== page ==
The largest teachers union in Kansas promised Monday to file a state-court lawsuit against a measure eliminating guaranteed tenure in public schools and perhaps other policies attached by conservative Republican legislators to an education funding law enacted this year.
Kansas National Education Association leaders announced plans for the legal challenge during a news conference at the 23,000-member union’s Topeka headquarters. David Schauner, the union’s general legal counsel, said the lawsuit will be filed within the next two weeks.
Schauner said the union doesn’t yet know how much of the law will be challenged and declined to discuss the grounds for the lawsuit in detail.
The new law boosts aid to poor school districts by $129 million for the next school year to comply with a Kansas Supreme Court decision in March. The KNEA supports the additional aid but has strongly criticized other provisions.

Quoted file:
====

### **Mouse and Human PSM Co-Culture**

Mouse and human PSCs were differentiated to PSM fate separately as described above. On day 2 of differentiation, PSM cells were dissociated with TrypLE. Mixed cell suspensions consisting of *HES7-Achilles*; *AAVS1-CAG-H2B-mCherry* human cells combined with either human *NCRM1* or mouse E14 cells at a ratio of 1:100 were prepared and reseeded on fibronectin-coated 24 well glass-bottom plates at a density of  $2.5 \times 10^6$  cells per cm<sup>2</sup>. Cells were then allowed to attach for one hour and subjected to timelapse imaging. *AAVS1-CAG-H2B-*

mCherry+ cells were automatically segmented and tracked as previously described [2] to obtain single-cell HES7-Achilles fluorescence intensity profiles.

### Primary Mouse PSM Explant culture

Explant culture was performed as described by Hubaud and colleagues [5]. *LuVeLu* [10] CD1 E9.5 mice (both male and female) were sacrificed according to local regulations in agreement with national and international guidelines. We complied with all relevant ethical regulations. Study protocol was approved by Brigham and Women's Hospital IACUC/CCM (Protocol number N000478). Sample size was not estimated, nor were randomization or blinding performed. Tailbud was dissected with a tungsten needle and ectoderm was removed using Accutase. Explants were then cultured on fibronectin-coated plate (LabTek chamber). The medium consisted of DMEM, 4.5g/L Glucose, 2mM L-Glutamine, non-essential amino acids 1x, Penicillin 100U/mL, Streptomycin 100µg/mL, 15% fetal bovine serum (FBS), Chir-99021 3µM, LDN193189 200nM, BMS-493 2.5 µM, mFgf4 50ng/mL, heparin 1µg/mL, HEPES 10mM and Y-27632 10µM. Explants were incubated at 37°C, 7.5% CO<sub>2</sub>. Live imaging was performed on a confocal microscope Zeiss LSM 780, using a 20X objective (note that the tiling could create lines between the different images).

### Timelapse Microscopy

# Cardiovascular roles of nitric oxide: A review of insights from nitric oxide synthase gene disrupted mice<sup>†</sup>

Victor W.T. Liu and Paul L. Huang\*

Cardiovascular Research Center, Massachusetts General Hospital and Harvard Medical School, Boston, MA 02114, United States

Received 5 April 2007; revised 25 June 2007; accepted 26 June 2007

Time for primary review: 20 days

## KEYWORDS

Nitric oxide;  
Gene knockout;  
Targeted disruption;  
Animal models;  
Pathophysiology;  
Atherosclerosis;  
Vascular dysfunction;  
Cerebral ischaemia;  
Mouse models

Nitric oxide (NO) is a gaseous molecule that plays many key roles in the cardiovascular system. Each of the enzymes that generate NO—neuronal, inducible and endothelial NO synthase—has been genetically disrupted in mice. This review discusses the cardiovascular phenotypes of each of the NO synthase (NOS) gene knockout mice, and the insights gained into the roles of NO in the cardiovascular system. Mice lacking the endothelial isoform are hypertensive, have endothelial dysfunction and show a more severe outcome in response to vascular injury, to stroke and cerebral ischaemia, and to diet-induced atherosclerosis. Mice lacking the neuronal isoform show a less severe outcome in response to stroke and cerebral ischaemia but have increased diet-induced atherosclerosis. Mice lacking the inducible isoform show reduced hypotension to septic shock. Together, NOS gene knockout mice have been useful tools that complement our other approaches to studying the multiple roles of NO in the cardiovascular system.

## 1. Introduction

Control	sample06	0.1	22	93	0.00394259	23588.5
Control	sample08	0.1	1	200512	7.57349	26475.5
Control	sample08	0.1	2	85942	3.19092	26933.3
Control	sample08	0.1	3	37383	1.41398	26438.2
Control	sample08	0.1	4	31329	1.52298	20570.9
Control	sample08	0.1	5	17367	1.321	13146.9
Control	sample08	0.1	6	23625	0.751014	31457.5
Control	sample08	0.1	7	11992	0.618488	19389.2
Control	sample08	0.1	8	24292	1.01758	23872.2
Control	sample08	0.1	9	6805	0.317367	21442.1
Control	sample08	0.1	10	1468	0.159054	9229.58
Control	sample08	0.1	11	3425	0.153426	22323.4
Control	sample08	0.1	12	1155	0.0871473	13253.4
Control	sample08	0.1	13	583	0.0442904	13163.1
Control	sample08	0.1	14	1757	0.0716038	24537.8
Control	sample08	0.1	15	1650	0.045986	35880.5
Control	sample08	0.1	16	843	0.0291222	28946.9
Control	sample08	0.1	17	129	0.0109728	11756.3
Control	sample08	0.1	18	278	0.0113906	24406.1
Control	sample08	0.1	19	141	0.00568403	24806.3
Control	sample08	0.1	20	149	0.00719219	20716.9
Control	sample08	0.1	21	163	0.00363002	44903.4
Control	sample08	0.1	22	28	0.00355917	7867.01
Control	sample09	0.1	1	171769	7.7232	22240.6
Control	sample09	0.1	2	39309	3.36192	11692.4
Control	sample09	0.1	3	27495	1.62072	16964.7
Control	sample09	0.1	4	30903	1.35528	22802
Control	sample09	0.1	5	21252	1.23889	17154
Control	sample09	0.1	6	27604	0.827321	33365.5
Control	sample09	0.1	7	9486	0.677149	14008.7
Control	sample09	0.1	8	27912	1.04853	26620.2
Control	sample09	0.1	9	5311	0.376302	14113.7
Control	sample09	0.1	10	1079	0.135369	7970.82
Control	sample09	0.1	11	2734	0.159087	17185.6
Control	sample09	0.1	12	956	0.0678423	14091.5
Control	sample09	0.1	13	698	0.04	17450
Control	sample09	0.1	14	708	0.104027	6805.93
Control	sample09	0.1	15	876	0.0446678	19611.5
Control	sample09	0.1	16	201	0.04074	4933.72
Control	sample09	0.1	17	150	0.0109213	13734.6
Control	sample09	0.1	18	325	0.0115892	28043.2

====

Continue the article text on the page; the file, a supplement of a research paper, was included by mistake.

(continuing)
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“The clean funding bill so many had called for was instead a policy-laden attack on teachers, schools and students,” said KNEA spokesman Marcus Baltzell.
The union strongly objects to the tenure provision. It takes effect in July and will eliminate the automatic right of teachers facing dismissal after three years in the classroom to have their cases reviewed by independent hearing officers.
The law also will provide tax credits to corporations bankrolling private-school scholarships for at-risk children and permit professionals with science, math or technology expertise to become teachers without completing college teacher-preparation programs.
Republican Gov. Sam Brownback said the new education law puts additional money into public school classrooms and benefits children.
“I hope KNEA will take no action that threatens funding for our schools and the welfare of our students,” Brownback said in a statement.